I think the world owes a debt of gratitude to Malcolm Gladwell. To my knowledge his book “Outliers” was the first popular work to expound at length on the 10,000 hour rule: the scientifically grounded theory that achieving expert level in most fields requires about 10,000 of “deliberate practice”. Geoff Colvin’s “Talent is Overrated” is similar, but in my opinion not quite as well written. However, both books are elements of what I see as a growing trend: the idea that improving yourself, becoming more than what you are, becoming what you always wished you were, is not only possible but actually achievable given a proper strategy and adequate dedication.
This idea of gradual, but consistent self-improvement isn’t just applicable to becoming top athletes or musicians. Tim Ferriss’ “The Four Hour Body” including the increasingly popular slow-carb diet applies a similar idea to health and fitness. Cal Newport, a recent MIT doctorate and professor at Georgetown seems to be applying similar ideas to becoming a top academic researcher. My personal goal is to apply it to become the best programmer I can possibly be (as most readers of this blog already know).
For a few weeks now I’ve had a two-fold concern. First, I didn’t know what exactly I was or wanted to be. Was I a programmer? A computer scientist? A software engineer? A technologist? A writer who just happened to use code as well as words? Secondly (and more importantly) I couldn’t see anything resembling a clear path from my current “not totally incompetent code slinger” phase to getting to the point where I could understand the works of the great masters (and maybe create something of similar lasting value). And that really, really bugged me. Combining my current indecision with no idea of how to move forward put me on a path leading straight to madness.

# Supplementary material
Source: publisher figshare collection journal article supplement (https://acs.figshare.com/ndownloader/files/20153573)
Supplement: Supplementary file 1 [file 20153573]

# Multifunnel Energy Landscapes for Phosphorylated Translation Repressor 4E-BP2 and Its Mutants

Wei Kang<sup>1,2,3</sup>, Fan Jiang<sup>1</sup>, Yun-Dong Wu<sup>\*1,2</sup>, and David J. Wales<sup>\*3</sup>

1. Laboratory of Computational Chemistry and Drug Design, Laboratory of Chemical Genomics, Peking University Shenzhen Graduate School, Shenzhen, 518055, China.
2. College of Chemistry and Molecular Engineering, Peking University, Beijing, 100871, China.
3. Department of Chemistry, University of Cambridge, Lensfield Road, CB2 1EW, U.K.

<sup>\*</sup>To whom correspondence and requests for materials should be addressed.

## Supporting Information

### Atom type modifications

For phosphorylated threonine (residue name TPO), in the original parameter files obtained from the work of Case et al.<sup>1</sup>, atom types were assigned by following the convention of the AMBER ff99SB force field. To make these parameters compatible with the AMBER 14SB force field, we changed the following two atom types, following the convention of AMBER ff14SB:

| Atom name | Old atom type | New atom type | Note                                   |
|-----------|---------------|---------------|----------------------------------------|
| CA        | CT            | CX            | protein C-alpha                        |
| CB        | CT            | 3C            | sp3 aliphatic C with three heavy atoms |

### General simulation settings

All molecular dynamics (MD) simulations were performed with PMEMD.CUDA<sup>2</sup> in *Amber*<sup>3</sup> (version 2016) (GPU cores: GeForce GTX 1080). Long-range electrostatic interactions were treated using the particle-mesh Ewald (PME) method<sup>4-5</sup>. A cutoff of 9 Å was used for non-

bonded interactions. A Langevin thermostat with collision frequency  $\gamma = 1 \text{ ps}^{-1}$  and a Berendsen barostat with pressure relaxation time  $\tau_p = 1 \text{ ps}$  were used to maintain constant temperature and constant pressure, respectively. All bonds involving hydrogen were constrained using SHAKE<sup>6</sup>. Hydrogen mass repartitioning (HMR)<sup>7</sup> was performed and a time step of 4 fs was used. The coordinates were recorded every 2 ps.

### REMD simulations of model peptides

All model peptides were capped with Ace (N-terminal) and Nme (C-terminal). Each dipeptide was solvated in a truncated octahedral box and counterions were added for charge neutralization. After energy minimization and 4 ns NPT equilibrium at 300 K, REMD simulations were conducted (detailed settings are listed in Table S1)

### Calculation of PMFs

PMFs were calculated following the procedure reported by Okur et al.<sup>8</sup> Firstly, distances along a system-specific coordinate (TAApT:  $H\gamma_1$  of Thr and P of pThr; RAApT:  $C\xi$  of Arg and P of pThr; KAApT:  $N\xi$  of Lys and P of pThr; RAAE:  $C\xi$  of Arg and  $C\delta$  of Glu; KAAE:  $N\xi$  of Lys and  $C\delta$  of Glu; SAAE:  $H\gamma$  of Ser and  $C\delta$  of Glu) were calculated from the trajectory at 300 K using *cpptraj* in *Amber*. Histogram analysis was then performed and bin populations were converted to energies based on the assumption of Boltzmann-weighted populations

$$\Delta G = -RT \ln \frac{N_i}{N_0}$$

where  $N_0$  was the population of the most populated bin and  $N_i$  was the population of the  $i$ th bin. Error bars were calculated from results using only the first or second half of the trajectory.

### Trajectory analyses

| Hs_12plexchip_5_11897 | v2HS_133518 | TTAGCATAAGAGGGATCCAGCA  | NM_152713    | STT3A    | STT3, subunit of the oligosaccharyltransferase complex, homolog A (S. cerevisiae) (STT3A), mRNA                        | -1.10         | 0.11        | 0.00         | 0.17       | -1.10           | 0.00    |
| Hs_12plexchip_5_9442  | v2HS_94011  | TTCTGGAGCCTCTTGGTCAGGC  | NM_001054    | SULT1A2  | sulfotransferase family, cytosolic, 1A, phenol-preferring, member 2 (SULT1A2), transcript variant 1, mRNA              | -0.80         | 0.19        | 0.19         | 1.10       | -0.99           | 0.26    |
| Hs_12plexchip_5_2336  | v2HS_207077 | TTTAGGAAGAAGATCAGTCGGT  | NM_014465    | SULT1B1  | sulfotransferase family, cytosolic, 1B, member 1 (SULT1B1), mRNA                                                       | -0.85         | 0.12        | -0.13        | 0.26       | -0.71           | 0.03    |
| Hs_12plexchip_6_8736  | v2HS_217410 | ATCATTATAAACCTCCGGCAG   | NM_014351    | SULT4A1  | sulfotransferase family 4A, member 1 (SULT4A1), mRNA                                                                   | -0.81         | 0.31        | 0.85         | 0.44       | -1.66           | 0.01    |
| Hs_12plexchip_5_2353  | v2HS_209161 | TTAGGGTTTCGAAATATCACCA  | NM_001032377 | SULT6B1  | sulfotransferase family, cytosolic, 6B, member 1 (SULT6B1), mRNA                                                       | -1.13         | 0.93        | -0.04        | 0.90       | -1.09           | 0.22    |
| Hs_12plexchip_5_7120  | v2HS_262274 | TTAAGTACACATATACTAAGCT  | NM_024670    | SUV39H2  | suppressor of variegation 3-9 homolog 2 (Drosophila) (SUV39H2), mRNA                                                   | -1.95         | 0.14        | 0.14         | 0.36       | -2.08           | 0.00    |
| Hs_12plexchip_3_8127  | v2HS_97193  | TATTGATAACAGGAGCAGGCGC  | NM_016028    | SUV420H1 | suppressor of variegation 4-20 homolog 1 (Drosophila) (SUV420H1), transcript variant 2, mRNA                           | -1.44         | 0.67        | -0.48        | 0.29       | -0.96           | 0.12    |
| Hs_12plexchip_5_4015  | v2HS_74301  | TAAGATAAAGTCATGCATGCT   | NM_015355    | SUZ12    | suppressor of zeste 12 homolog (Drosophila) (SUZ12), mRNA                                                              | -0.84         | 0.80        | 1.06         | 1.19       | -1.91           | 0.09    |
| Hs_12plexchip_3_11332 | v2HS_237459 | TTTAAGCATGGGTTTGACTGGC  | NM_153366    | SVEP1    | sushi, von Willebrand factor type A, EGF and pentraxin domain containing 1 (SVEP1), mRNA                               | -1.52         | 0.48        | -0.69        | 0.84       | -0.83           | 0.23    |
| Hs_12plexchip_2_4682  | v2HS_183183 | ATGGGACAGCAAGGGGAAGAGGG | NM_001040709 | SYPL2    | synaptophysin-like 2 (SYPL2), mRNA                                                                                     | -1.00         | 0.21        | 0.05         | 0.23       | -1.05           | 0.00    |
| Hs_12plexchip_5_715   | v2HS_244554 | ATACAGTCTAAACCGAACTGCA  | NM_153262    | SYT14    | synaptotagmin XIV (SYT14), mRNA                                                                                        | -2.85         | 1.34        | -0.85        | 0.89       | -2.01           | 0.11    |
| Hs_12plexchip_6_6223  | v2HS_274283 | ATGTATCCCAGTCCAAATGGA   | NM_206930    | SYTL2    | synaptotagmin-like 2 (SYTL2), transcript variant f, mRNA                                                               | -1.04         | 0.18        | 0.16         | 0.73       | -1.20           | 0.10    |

Here I was, a recent college graduate with two rather expensive degrees and a certain amount of knowledge about my field of interest. And yet my four years of education seemed like a piddly little drop compared to the proverbial ocean of knowledge and capabilities ahead of me. Not only could I not cross said ocean, I couldn’t even comprehend it’s boundaries. Sure I could write you a topological sort of some arbitrary graph structure. I could also bit-twiddle my way into a reasonably resource constrained embedded application. I’d even wager that I could build a reasonably stable concurrent system that isn’t too embarassing. But beyond that? I just barely grasped functional programming, my knowledge of type systems was rudimentary at best. I only had the foggiest notion of what a monad was and yet I had signed up for a good few years working on advanced programming languages. What on earth was I thinking?
One of the great dichotomies of our field is that on one hand it is possible to be completely self-taught but on the other there are few systematic guides on going from novice to expert. Most advice on the matter seems to reduce to “Read code. Write code. Think. Repeat.” Wise words to be sure, but not exactly a 12-step program. So what is one to do? What am I to do?